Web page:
While visually interesting, the twenty-one tracks on display here all run together. Considering the speed of the game, there isn’t much time to admire the impressive scope and detail of the environments—in the moment all you’re thinking about is the track as it relates to gameplay. Unfortunately, levels don’t feel very distinct in this regard, rarely featuring dynamic set-piece or gimmick sections to make each track feel unique. And, without the ability to cruise the seas and skies through vehicle transformations here in Team Sonic Racing, the tracks feel decidedly one note. They’re all wide, largely vapid tracks. While many successfully play with the idea of alternate paths and split roads, this too is undercut by the game’s breakneck speed, which can often cause to you come upon shoulders or doorways too quickly, slamming into them and getting spun backwards due to a homogenization of level geometry and truncated reaction time. It’s a shame—but it is important to realize that the tracks themselves aren’t bad, they’re just not very memorable.
Beyond the foundation of Team Sonic Racing, the game offers myriad ways to play—including a single-player campaign. While the narrative itself is not particularly engaging, the gameplay itself more than compensates for the blasé storytelling. In addition to the standard team races, this mode offers several alternate types of challenges which keep the experience fresh. From score-based stunt driving to action-oriented Robotnik-bashing, these challenges infused a feeling of variety into the kart racing formula which I haven’t experienced since Mario Kart DS’s Mission Mode. While the campaign overall could’ve used some tightening up as it feels just a few stages too long, overall it was a refreshing addition to the package.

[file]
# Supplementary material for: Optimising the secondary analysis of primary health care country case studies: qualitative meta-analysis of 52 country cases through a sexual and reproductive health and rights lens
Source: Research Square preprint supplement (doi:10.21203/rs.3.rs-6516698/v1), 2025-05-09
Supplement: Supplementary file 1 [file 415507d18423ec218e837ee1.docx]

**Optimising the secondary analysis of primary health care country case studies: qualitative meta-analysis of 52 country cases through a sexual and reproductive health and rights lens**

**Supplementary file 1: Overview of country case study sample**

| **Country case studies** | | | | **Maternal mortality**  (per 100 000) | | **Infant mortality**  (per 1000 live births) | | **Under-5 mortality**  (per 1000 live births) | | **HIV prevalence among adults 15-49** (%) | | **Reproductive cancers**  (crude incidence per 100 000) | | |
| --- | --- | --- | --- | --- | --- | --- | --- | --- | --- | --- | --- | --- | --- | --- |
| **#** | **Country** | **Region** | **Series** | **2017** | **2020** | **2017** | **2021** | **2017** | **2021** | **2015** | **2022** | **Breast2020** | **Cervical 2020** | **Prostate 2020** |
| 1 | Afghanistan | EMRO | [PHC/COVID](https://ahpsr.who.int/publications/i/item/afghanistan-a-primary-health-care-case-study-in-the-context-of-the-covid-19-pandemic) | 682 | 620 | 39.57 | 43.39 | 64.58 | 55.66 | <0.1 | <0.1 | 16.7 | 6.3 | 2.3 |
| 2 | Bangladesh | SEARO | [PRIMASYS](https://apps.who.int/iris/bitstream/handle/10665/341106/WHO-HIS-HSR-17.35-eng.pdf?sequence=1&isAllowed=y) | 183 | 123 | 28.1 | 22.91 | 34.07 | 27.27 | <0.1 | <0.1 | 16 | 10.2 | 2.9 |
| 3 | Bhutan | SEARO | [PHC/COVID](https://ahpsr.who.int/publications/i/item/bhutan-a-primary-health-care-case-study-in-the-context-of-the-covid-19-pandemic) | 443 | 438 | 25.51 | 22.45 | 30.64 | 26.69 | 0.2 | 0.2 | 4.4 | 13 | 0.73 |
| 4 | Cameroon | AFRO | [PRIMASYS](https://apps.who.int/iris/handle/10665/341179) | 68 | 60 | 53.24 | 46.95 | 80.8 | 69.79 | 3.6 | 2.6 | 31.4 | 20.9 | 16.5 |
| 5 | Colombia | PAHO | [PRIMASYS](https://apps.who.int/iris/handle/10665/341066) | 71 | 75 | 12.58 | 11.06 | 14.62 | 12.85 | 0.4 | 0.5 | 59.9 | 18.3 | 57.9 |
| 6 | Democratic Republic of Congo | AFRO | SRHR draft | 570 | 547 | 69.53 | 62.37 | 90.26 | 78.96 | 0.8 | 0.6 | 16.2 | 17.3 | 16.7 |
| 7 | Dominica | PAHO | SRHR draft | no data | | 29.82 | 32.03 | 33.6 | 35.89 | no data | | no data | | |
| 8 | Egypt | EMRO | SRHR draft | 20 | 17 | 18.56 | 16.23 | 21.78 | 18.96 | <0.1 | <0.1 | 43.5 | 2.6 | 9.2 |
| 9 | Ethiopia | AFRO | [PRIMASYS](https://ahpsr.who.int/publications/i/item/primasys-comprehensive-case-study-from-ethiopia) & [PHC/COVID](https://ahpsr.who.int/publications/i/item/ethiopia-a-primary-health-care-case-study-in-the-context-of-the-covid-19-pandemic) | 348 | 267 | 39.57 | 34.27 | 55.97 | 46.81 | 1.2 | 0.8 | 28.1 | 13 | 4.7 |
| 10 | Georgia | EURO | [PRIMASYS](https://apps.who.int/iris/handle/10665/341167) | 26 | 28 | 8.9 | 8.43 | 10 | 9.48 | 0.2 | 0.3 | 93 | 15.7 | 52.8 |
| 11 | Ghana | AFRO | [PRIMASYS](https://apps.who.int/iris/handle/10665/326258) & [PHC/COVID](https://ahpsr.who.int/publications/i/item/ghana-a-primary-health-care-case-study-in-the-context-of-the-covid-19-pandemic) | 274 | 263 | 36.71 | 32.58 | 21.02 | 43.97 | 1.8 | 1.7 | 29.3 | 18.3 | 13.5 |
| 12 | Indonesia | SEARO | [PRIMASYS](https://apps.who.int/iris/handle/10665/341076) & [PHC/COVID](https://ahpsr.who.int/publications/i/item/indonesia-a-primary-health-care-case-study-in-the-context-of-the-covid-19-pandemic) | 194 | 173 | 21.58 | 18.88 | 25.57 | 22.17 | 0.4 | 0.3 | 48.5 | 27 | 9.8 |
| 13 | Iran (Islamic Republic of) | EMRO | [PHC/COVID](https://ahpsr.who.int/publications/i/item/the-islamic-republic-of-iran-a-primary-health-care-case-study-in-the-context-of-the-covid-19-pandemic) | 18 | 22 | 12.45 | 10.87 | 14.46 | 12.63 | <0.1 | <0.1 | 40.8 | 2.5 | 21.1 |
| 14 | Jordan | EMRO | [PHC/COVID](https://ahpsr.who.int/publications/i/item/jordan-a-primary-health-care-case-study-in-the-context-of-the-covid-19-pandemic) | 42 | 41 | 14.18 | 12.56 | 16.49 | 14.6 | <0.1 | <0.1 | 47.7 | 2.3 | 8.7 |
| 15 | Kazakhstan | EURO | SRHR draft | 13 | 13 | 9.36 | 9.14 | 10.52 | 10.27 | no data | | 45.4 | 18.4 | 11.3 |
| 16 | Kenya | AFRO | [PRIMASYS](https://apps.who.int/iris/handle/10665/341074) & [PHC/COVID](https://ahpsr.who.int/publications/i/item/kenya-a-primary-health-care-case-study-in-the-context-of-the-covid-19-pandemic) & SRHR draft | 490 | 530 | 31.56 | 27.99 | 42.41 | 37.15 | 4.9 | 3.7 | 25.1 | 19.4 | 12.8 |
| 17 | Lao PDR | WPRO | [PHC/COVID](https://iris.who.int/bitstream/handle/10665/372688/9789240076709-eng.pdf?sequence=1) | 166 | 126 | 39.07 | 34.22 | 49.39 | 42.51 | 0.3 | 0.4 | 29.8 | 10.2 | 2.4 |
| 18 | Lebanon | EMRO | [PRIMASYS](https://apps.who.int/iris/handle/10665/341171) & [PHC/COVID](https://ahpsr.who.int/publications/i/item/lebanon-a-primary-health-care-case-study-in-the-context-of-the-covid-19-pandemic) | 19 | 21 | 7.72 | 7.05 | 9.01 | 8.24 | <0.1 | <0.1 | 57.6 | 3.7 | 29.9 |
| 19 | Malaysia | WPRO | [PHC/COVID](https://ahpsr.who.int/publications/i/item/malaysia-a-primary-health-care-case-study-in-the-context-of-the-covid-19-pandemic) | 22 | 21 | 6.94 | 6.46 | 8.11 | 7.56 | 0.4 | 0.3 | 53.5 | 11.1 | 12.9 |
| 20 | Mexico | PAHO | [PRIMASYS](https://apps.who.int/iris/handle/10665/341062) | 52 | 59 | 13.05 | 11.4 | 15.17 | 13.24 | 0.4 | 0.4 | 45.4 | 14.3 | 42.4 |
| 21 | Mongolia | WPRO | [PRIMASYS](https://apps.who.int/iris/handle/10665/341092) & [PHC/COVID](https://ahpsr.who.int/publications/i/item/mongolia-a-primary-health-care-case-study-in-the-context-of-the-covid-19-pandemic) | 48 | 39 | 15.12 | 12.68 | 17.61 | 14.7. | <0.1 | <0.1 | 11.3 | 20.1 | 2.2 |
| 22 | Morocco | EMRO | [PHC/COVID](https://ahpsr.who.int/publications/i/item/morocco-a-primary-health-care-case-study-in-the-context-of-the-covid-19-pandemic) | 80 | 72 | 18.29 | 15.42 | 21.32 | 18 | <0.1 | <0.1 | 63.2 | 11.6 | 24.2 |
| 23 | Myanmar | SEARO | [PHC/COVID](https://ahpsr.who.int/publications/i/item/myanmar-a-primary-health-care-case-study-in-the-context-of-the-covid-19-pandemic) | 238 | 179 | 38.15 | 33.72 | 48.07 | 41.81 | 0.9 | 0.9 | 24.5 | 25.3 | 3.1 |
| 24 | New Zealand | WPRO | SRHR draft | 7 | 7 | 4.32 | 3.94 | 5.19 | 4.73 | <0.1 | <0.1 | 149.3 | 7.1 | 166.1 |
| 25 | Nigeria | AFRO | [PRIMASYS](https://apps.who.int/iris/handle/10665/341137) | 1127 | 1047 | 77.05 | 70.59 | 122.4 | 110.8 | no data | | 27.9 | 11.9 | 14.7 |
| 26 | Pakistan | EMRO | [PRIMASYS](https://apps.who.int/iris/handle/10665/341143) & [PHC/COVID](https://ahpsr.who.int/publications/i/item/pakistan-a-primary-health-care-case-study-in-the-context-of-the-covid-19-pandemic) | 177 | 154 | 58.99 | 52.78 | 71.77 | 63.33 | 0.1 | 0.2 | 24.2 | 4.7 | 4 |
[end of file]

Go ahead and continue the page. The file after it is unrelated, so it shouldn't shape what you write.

Past the single-player, Team Sonic Racing offers a fairly standard batch of modes including offline Grand Prix and Time Trial races as well as online Team and Standard races. The online play offers more replayability than local play considering the myriad online playlists bring with them different modifiers and a ranking system. However, during my time with the online, I did experience several disconnects and the other reviewers I played with experienced the same problems. That said, the netcode is far from unplayable, but it certainly isn’t all that stable, either. If these issues are assuaged upon launch, the online could be a positive for the title overall, but as it stands it feels more net neutral and no more or less compelling than the local multiplayer.